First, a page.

[00:02:43.715] Ida Benedetto: My name is Ida Benedetto, and I am an experienced designer. I've designed a lot of adventures and rituals, and some of them get immersive because we are in vibrant, interesting spaces or doing things that are kind of full-body experiences in one form or another.

[00:02:58.619] Kent Bye: Great. So you gave the opening keynote here at the Immersive Design Summit, so maybe you could talk a little bit about what you were trying to communicate to the broader community of immersive designers.

[00:03:09.621] Ida Benedetto: I was invited to give the opening keynote based on a bunch of research I did, which we've talked about on an earlier interview that you were so generous to do. The research is called Patterns of Transformation, Designing Sex, Death, and Survival in the 21st Century. I was trying to get at what makes social experience transformative. I did that by comparing sex parties, funerals, and wilderness trips. I got to those by a process of deduction. I wrote a definition of experience design, which is the creation of experiences for the purpose of entertainment, persuasion, recreation, and human enrichment, where the emotional journey of the group or individual is the focus. And when I realized I was most interested in human enrichment, I kind of crossed off a bunch of other experiences on my list, and I was left with sex parties, funerals, and wilderness trips. And so in looking at those, I realized that there were common components across all of those, and that as designers of experiences that are ideally transformative, if you're conscientious of those different components, being risk, the magic circle, the structure of the experience, and the nature of the transformation, you can be much more precise in your design decisions. And so I've all written up online. And what's kind of happened since I've done that research and put it up is, you know, again, kind of backed myself into surprising path for at least I find it surprising of doing what I call spiritual trespassing. I kind of got so close to the fundamental human elements that really come to the fore in these very like risky, challenging experiences that I ended up getting in touch with spiritual components and have been doing a lot of exploration of different spiritual practices that are very embodied, very revelatory in their nature. So this includes things like shamanic journeying. And so I ended the keynote by inviting everybody to try out a shamanic journey with me to connect with their power animal and see what they were at the Immersive Design Summit to do.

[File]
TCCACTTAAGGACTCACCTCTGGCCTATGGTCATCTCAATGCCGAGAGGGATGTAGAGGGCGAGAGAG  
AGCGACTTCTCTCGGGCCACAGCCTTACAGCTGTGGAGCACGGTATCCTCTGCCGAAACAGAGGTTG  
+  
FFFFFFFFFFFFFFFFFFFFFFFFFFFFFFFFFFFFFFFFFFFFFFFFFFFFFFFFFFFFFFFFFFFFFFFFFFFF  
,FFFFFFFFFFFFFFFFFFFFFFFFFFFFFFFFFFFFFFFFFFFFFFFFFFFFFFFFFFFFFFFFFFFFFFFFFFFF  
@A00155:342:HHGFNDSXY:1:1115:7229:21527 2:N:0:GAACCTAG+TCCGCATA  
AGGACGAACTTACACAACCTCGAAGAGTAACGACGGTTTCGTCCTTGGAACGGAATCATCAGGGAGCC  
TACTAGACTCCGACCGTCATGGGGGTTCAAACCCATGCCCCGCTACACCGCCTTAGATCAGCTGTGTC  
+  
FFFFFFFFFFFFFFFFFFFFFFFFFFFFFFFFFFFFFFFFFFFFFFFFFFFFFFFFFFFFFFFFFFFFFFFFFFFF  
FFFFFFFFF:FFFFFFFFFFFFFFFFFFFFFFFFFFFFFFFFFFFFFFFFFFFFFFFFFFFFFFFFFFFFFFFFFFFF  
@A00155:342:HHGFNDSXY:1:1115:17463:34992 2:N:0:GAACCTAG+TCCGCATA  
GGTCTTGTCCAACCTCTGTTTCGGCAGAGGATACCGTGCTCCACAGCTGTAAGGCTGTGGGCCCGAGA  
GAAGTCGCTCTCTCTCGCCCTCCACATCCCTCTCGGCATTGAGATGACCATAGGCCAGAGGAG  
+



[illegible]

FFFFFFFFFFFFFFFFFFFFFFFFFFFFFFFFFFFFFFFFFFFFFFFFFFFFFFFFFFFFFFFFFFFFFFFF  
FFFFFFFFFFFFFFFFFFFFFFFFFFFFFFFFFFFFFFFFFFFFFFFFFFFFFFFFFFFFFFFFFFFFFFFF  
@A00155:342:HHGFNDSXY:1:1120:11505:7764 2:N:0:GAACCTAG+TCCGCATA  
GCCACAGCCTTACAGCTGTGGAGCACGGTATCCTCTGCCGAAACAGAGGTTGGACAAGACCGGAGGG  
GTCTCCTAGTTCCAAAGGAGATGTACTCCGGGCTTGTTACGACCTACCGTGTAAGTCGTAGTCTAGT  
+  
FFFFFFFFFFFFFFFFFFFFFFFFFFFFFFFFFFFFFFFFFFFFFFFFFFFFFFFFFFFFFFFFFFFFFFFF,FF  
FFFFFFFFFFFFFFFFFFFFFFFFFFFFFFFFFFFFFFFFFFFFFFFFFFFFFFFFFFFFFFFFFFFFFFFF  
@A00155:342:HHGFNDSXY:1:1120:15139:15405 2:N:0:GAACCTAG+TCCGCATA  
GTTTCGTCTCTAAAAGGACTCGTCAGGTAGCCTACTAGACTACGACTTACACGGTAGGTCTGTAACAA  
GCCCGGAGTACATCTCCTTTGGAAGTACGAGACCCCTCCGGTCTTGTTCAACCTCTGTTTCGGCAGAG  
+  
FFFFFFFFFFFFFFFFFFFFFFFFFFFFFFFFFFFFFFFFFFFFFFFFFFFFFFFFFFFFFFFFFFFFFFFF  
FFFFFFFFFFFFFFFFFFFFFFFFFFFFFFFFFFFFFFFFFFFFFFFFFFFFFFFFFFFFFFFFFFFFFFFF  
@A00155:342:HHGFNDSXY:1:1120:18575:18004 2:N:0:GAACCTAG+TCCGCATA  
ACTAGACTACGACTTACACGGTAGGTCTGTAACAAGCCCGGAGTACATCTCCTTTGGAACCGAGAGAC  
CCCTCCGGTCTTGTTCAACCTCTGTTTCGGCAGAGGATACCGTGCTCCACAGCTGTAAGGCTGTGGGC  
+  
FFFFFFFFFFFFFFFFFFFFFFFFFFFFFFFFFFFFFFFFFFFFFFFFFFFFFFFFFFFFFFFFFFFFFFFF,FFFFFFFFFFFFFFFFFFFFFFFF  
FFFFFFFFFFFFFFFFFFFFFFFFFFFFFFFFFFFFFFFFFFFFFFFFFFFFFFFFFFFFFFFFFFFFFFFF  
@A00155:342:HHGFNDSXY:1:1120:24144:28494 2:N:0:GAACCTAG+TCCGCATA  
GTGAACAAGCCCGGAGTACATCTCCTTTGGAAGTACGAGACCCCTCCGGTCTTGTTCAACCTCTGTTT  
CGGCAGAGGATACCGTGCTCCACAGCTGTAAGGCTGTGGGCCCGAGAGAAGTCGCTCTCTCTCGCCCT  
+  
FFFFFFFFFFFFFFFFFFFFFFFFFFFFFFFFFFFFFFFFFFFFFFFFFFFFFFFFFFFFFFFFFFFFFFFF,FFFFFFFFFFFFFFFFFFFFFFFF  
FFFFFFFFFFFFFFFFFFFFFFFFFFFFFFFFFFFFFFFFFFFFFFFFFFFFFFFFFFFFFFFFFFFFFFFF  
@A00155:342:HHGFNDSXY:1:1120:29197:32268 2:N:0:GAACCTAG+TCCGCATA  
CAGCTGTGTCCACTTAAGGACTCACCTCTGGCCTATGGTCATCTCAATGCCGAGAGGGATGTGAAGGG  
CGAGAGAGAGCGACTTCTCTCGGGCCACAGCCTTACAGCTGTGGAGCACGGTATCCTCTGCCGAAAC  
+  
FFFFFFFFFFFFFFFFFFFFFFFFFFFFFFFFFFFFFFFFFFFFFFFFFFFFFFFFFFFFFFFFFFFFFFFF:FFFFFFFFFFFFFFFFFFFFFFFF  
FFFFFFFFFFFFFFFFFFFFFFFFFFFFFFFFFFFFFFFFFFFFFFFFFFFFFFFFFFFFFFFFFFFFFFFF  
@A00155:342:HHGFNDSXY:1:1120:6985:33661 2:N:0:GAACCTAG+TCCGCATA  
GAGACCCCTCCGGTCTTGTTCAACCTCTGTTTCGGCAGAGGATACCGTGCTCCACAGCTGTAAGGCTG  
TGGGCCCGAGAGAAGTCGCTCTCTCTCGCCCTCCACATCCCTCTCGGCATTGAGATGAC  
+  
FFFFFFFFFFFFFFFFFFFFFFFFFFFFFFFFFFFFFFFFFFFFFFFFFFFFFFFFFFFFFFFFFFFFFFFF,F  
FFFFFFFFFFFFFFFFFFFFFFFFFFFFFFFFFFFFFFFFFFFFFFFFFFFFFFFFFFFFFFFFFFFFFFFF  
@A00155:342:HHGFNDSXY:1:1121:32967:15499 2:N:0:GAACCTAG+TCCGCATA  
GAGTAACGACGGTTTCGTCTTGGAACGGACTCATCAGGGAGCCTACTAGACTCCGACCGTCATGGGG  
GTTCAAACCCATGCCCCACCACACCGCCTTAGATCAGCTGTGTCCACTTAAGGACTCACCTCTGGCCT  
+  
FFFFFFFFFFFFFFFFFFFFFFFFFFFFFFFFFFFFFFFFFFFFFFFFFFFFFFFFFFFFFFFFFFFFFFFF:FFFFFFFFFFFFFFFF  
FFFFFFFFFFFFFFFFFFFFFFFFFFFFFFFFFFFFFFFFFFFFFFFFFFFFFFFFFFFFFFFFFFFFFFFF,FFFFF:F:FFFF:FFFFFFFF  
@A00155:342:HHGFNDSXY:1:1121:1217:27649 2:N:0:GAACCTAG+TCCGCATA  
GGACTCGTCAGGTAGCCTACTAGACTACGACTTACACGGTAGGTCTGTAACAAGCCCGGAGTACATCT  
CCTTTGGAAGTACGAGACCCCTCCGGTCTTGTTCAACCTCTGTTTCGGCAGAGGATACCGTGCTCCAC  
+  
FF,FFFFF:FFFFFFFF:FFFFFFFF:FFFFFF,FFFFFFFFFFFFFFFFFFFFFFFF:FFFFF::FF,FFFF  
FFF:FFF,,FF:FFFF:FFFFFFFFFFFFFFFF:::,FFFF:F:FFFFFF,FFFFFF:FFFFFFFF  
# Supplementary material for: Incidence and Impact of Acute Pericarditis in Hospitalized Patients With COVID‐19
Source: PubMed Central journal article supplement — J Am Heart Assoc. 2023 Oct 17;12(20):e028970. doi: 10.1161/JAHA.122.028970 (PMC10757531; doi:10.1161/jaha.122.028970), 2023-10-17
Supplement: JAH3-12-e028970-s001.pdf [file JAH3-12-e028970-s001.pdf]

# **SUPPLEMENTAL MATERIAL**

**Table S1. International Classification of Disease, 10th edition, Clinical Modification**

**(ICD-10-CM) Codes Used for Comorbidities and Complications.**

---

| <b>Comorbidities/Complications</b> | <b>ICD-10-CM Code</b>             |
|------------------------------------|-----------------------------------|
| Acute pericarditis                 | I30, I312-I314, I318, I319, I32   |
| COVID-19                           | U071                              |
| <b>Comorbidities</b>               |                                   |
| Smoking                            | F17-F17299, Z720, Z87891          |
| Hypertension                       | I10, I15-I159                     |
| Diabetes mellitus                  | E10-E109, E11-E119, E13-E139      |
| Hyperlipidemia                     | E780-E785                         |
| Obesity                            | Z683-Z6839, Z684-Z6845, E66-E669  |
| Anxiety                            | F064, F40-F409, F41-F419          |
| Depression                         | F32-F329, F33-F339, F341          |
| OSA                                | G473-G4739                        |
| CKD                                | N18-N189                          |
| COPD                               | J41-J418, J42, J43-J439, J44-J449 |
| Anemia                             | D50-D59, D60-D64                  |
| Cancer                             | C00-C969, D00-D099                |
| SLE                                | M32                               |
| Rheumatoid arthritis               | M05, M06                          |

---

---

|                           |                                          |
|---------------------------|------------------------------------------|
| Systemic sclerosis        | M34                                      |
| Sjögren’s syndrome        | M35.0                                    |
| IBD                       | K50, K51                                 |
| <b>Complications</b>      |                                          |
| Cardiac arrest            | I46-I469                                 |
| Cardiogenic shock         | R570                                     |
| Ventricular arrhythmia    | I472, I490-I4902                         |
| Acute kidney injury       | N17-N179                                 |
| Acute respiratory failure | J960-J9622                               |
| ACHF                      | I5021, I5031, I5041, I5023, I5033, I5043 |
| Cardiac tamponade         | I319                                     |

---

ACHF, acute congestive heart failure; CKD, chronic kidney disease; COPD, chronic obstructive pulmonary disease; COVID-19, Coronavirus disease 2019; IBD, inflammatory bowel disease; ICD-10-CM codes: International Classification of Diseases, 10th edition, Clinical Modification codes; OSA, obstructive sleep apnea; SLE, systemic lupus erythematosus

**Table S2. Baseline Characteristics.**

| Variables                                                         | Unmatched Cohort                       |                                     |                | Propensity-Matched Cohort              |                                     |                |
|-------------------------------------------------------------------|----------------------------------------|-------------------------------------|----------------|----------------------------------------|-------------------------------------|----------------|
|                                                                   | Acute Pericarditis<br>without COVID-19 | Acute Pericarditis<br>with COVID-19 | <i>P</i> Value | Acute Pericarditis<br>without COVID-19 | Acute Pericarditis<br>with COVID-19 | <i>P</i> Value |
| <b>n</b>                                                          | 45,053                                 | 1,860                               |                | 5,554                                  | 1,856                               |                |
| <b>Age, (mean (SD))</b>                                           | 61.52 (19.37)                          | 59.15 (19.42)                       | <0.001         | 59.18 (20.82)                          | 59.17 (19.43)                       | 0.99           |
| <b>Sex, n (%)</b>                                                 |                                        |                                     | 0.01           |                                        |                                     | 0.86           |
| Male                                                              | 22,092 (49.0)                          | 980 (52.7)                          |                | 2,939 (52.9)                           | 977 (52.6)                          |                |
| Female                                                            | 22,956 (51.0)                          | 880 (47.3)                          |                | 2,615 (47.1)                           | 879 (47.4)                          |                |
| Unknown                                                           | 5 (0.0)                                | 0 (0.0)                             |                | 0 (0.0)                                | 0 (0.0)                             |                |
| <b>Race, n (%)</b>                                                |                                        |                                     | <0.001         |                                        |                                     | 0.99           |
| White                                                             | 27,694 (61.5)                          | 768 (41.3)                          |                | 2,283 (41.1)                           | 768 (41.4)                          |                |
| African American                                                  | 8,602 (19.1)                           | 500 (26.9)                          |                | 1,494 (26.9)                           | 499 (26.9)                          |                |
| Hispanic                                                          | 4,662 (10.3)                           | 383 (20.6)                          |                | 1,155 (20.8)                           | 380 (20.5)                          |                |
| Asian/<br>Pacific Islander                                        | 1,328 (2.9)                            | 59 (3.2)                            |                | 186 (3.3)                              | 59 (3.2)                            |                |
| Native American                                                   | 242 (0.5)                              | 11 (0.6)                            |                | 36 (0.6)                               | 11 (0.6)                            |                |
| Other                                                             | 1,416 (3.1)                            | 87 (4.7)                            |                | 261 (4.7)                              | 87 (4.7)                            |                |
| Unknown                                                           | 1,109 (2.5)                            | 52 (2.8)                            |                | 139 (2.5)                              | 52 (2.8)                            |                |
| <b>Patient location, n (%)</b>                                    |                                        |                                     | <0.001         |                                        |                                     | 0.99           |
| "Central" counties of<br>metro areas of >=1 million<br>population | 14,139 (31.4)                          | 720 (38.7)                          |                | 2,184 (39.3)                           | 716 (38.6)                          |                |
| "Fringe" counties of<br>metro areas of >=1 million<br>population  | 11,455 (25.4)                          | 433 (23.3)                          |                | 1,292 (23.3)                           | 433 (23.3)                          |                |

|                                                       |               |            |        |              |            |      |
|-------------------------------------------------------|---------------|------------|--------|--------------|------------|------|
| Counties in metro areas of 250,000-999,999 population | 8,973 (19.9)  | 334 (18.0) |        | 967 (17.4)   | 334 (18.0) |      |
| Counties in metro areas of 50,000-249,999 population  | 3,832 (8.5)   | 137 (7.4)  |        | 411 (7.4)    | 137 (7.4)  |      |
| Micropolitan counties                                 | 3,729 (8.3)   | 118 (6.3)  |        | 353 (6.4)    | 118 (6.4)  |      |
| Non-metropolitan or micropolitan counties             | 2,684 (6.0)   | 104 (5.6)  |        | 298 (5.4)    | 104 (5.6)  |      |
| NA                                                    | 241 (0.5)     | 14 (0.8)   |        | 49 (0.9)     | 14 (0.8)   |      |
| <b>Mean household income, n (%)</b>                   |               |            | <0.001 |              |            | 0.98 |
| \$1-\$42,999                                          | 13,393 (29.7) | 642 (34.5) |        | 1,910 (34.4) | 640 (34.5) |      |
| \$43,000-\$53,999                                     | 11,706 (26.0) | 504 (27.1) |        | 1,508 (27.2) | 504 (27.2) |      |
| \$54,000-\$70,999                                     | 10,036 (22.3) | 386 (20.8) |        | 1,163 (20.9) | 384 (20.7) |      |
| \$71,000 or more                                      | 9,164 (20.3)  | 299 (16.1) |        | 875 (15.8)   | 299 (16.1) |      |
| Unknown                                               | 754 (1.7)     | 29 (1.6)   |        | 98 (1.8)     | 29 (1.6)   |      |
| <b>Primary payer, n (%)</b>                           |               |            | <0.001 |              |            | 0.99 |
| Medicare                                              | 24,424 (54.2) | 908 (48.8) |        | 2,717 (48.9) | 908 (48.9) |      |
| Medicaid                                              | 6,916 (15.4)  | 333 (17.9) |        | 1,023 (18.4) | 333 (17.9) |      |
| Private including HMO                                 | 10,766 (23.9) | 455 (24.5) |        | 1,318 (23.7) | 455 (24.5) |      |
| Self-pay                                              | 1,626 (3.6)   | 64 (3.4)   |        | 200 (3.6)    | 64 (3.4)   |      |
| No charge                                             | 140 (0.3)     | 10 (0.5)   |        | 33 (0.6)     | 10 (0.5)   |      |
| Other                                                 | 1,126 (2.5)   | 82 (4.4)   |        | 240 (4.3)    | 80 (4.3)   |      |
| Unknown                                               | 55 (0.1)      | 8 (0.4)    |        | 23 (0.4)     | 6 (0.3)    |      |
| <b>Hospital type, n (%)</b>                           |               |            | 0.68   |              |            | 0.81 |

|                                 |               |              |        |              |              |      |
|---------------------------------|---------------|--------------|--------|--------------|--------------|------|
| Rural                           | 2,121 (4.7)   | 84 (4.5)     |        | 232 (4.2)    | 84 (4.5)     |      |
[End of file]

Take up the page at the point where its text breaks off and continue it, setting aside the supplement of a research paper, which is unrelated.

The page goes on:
[00:05:02.958] Kent Bye: Well, one of the phrases that you had used was writing down to the metal. Maybe you could expand on the origins of what that means and how you interpret that in terms of what it means to write down to the metal for designing for the human experience.

[00:05:15.131] Ida Benedetto: So that phrase was something that Noah Nilsson brought up when he and I were chatting about our keynote. He was like, oh, it's like you're writing down to the metal. And that's a term that comes from programming. And it's when the code that you're writing is actually interfacing with the physicality of the machine of the computer, as opposed to interacting with software layers, which are just other layers of codes on top of it. For some folks who are doing immersive design, it really is kind of entertainment, recreation, it might not be getting down to that level. But for some of us, we are getting down to the level of writing to the metal of the human experience. And like, what does that mean? And what is the potential there? And those are really open questions that I pose to the audience. But I think it's important to consider and to make ourselves available to because some of us are developing skill sets that are really appropriate to that. And we can address very deep human needs with those skills. And I would hate for this moment of increasing success in the field to mean that we give up on those possibilities too. I think both are great, but like, let's keep that really like core challenging, fundamentally human element. And for me, that's come out a lot in what I call the spiritual trespassing for other folks that might manifest slightly differently. But that's what I was getting at with this notion of writing down to the metal.